While it is true that this international problem for America has gotten completely out of control with our own determination to spread capitalism around the world, this is not to say that corporations in America should have the right to regulate themselves. And self regulation is exactly what their political contributions are aimed at getting.

After losing so many of our manufacturing jobs to other countries, the idea that floated around during the Clinton and Bush administrations seemed to be that the financial sector was the way out of our problems. Indeed the financial companies were pulling in most of the big bucks as the first increments of deregulation took place. Further deregulation appeared to be the answer to expanding our national wealth (wealth that was privately controlled and incidentally readily available for political contributions, or to do things like pay for jobs for ex-politicians.) Deregulation seemed to work well at first. Historic regulations that had been put into place to avoid a second Great Depression were being repealed one after another. Investment "banks" were becoming free to be "creative." Laws were enacted (both parties had a hand) that encouraged the lending of money to riskier and riskier people. The unregulated astronomical salaries of the top executives were dependent on profits made in the short term rather than the long term. Percentage-wise, bonuses were just so much better with higher amounts of money in play. Risk therefore was the order of the day. Should the investment company fail, well, no one would be taking away the executives' money already earned. Executives could just move on. Besides, the federal government was unlikely to allow investment companies to fail when they were "too big to fail." There was strength in expanding risk and therefore size. Unwise practices seemed to be wiser than they were in 1929.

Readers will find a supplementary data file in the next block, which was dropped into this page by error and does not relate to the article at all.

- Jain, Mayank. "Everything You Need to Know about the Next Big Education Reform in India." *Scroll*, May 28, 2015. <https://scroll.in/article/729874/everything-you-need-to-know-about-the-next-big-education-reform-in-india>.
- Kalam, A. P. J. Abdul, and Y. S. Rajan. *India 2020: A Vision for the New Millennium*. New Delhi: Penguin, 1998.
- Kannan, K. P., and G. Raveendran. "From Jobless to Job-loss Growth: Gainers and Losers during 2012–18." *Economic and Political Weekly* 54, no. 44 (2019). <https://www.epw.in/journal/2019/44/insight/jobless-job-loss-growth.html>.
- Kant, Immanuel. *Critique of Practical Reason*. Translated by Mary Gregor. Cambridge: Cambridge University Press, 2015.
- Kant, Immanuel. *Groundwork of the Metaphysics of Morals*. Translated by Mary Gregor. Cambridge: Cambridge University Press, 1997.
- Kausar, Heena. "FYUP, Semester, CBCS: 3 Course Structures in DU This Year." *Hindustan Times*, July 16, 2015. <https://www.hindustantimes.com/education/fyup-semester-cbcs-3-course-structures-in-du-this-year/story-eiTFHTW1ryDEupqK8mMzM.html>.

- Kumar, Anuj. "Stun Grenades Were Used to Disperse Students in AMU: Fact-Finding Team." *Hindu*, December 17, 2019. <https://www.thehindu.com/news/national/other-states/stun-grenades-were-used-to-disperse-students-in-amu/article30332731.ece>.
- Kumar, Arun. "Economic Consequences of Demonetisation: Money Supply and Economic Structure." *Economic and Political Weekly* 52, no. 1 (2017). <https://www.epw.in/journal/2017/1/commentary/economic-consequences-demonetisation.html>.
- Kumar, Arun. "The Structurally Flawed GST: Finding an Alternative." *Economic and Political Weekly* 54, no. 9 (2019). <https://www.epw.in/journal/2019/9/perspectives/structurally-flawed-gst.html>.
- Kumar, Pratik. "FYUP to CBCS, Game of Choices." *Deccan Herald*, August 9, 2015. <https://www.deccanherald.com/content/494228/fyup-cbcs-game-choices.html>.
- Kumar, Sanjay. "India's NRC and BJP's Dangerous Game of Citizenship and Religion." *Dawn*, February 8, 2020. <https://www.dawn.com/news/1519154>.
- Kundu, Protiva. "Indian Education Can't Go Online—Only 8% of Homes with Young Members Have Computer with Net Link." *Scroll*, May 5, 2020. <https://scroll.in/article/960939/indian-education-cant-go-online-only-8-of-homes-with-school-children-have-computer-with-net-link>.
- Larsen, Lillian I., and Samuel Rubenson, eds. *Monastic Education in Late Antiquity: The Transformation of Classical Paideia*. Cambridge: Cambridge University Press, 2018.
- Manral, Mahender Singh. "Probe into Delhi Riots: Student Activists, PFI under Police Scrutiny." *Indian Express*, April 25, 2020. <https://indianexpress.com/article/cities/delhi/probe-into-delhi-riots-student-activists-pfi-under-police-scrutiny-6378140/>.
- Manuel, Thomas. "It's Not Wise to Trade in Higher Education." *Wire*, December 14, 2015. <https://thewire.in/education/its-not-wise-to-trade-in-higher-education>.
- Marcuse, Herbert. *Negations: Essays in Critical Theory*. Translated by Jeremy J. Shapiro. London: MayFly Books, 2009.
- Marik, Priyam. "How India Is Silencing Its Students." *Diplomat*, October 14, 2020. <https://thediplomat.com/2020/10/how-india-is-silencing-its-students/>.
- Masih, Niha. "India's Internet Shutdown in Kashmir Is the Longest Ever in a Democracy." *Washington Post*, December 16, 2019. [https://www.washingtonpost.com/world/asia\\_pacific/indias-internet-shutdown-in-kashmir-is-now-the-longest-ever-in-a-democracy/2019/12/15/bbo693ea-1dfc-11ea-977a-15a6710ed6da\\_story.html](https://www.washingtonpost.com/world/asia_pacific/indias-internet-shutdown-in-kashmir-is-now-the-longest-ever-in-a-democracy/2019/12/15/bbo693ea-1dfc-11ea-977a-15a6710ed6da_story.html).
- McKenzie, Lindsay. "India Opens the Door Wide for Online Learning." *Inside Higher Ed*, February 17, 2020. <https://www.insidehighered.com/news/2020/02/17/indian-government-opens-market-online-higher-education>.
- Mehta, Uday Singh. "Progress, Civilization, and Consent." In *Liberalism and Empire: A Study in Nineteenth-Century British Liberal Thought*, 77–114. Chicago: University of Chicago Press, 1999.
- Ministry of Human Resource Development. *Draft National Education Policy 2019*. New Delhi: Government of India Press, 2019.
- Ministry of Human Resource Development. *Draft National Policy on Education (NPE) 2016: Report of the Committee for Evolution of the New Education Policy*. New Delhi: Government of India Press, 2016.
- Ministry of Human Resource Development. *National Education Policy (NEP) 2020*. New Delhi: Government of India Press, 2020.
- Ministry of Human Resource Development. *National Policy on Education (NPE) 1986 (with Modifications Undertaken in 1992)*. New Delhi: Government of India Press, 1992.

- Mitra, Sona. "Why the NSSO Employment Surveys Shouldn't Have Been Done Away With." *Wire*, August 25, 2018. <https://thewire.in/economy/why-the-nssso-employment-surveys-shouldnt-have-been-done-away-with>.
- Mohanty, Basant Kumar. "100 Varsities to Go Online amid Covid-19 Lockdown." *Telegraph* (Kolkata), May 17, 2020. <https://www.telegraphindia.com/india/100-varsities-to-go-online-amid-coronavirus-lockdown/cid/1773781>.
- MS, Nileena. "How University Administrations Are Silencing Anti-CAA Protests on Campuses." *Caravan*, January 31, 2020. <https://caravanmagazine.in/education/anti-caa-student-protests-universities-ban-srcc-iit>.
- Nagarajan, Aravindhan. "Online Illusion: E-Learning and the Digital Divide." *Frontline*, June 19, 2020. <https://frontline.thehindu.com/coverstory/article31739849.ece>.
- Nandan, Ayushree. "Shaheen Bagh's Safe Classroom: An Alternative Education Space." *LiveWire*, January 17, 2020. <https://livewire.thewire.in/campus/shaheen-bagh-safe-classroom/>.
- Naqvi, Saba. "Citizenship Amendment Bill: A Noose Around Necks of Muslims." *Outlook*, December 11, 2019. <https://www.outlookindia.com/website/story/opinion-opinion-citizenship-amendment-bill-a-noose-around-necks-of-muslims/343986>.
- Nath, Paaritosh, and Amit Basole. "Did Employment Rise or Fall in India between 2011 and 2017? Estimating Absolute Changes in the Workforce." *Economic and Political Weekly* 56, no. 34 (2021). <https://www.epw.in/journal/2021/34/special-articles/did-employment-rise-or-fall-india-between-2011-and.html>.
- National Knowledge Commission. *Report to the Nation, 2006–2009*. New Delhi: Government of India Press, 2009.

Investment companies had a right to free speech in the form of campaign contributions (in addition to the ability to pay off good behavior of former regulators in the form of jobs after retirement from regulatory duties.) I think free speech was a currency that bought investment companies way too much but I guess the Supreme Court disagrees.

While I have cherry picked  an example of how regulation of companies by our government was needed in spades, most companies would like a tip of the hat from government in one form or another. Influence in the form of political contributions is extremely profitable. While it is time to listen to companies and what they need to survive, it is not time to allow them to buy off candidates to push through whatever government actions financially suit their specific company in the short term. That is just not an efficient way for them to spend their money, for one thing; nor is it particularly good when regulations beneficial to our society and the well being of our citizens are influenced by lawmakers who owe blind allegiance to the corporations which financially lifted them up the ladder of political success (and that would be loyally cash friendly for the next campaign.)